Smoking cessation

The prevalence of current smokers who reported the desire to stop smoking, and those that attempted to quit, remained static from 2000 to 2009. Additionally, no significant changes occurred between 2000 and 2009 for students who received professional help to stop smoking. While there was no statistically significant change for current smokers who ever feel like having a cigarette first thing in the morning, data shows a decreased prevalence in males and an increased prevalence in females.


The first aim of this paper was to examine the prevalence and trends of tobacco use and tobacco-related indicators in youth prior to the country’s development of comprehensive tobacco-control legislation. Analysis from 2000 to 2009 shows an increasing prevalence of tobacco use in females, thereby narrowing a previous gender gap. This finding is consistent with noted regional trends for this age group.4 Parallel to this finding, 2000-2009 data shows an increase in the number of females reporting to want a cigarette first thing in morning with a simultaneous prevalence decrease in male respondents. While these findings are not statistically significant, they do suggest a need for targeted cessation interventions to females. Additionally, during this timeframe there was unequal access to purchase cigarettes at retailers. Though the data was not found to be statistically significant, males reported increasing difficulty to purchase cigarettes due to their age, whereas females reported increasing ease.

Use of other tobacco products was also shown to increase overall in this time period, but the increase in females was significant. Changes to the definition of “other” tobacco products in the most recent survey, however, may have inadvertently impacted these results. Subsequent GYTS surveys with this new definition will be helpful in assessing any emerging trends around alternative tobacco products.

Furthermore, there was a high reported exposure to second-hand smoke at home and in public places. While there was a significant increase in both males and females in the belief that second-hand smoke is harmful, that belief did not translate to action. Instead, analysis shows a significant decrease in youth support for smoke-free public places. It could be that the respondent’s high exposure to parents and other adults that smoke has a normalizing effect on their view of tobacco use.5

Lastly, anti-tobacco messages at sport and community events were recognized significantly more in 2009, by males and females, than in 2000. Interestingly though, pro and anti-tobacco messaging were noticed significantly less in 2009, compared to 2000, in the following mediums: newspapers and magazines, billboards (and posters), and ownership of an item with a tobacco logo. This significant decrease in noticed pro-tobacco messaging through traditional mediums may be due to the shifting trend of tobacco marketing to youth via social media and online.6 Questions on these mediums were not included in these surveys however.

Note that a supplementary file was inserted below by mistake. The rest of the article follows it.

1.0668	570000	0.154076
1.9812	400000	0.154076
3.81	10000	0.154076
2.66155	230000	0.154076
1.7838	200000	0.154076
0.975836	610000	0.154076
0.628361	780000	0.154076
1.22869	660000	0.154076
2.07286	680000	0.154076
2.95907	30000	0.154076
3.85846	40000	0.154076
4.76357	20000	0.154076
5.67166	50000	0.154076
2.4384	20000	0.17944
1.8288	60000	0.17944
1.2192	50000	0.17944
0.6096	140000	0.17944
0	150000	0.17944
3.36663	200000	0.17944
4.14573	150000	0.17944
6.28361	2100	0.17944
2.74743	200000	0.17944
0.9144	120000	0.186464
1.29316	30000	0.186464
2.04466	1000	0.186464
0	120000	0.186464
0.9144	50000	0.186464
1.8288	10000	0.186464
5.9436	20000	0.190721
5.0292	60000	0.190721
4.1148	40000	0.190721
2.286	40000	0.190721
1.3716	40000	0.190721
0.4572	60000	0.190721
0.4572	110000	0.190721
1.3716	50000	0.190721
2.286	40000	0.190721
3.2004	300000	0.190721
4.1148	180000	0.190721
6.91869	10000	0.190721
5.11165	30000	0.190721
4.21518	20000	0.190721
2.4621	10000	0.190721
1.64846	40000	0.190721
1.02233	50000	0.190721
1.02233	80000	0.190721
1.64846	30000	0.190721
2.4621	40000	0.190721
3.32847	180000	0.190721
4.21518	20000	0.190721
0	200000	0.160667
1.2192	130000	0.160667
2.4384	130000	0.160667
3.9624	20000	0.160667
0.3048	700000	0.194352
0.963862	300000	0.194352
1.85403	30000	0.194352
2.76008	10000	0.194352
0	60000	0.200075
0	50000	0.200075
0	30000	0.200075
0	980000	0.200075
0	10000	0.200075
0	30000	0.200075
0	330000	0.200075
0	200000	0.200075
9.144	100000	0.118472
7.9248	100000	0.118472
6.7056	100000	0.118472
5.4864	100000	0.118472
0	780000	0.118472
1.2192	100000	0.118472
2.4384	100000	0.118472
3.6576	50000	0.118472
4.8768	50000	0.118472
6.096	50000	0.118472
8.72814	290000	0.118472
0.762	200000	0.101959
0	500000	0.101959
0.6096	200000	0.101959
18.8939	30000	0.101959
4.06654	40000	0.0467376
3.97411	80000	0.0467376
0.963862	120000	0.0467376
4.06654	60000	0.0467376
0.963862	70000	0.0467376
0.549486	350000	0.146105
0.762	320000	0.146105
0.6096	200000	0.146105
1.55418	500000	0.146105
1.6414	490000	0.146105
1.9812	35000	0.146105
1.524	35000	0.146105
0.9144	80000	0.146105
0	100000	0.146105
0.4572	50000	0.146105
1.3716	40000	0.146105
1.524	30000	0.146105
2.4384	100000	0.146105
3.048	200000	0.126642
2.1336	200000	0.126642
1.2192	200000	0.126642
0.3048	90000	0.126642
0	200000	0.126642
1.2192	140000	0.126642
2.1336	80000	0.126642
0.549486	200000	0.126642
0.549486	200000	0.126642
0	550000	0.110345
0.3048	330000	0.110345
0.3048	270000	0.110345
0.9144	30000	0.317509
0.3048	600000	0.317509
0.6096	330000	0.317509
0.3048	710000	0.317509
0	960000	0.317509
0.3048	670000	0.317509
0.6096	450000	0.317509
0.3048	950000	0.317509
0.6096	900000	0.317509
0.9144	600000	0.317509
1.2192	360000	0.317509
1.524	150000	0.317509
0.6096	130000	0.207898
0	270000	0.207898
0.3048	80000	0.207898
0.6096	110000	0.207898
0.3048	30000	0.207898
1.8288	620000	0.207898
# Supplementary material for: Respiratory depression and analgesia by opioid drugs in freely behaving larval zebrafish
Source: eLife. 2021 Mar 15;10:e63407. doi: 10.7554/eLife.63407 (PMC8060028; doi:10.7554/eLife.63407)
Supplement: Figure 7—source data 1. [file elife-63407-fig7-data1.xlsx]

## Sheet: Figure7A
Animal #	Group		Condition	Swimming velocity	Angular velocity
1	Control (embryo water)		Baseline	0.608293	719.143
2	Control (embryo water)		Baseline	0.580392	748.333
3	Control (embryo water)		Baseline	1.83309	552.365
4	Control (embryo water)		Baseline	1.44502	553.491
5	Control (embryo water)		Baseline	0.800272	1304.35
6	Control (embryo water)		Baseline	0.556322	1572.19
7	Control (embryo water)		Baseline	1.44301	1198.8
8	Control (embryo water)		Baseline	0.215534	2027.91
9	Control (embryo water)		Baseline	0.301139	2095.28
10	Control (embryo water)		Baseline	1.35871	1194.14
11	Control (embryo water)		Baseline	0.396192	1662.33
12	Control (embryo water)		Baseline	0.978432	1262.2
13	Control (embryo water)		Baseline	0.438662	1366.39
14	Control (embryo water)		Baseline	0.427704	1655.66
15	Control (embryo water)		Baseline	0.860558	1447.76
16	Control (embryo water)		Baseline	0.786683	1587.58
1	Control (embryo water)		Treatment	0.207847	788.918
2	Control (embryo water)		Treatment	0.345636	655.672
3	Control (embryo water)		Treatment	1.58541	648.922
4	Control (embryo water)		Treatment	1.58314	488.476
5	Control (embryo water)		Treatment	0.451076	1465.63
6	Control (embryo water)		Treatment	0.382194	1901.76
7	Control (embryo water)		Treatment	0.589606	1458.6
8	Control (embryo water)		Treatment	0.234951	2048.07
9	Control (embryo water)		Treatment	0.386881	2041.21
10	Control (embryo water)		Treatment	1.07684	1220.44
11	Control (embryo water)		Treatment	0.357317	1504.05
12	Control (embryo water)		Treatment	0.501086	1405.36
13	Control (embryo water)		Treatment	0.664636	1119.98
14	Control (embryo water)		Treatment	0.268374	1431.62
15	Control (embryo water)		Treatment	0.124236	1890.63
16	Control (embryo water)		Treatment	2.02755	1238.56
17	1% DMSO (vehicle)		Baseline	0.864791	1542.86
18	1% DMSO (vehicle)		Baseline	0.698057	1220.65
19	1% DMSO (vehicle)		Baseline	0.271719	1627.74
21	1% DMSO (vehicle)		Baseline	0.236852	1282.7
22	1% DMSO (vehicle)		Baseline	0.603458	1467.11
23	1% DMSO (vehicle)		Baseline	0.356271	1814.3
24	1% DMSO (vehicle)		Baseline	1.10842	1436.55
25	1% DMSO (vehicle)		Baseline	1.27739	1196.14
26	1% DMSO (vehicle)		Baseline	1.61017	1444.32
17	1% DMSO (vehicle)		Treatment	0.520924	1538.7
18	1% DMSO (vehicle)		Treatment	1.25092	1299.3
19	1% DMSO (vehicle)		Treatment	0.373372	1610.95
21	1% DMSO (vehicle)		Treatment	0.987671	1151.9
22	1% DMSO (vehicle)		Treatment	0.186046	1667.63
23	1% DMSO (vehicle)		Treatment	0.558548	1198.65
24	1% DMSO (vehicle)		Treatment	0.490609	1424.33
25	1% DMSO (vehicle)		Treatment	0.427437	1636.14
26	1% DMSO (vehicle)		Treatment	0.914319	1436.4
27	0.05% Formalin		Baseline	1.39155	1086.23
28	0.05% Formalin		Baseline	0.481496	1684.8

The second aim of this paper was to explore the role GYTS data played prior to passage of comprehensive tobacco control legislation and the role it will play in monitoring and evaluating legislation implementation. The GYTS data from all years (2000, 2004, and 2009) was included in evidence-based resource documents, fact sheets and training materials, to sensitize those who educate the population and key decision makers, to illustrate the need for comprehensive, tobacco-control legislation. It was also the GYTS data on youth’s high exposure to second-hand smoke that helped shape the central messaging behind the need for comprehensive legislation - to protect Suriname’s most vulnerable populations, including youth, workers, and residents of the interior, from the detrimental effects of tobacco. Furthermore, GYTS data on youth exposure to SHS in public places served as a touchstone for both health officials and Members of Parliament during the hospitality industry’s lobbying against smoke-free establishments prior to Parliament’s vote. On February 7, 2013, Parliament unanimously passed comprehensive, tobacco-control legislation, based on the WHO Framework Convention on Tobacco Control (FCTC) to encompassing that all indoor public places and workplaces must be smoke-free, including hospitality-industry establishments. Legislation S.B. 2013 no. 39 was enacted on June 7, 2013. Lastly, 2009 GYTS data serves as a baseline on the current status of youth and tobacco in Suriname. Future GYTS surveys will serve as a key monitoring and evaluation tool to ensure proper implementation of the national tobacco-control legislation and the progress made in achieving WHO FCTC goals.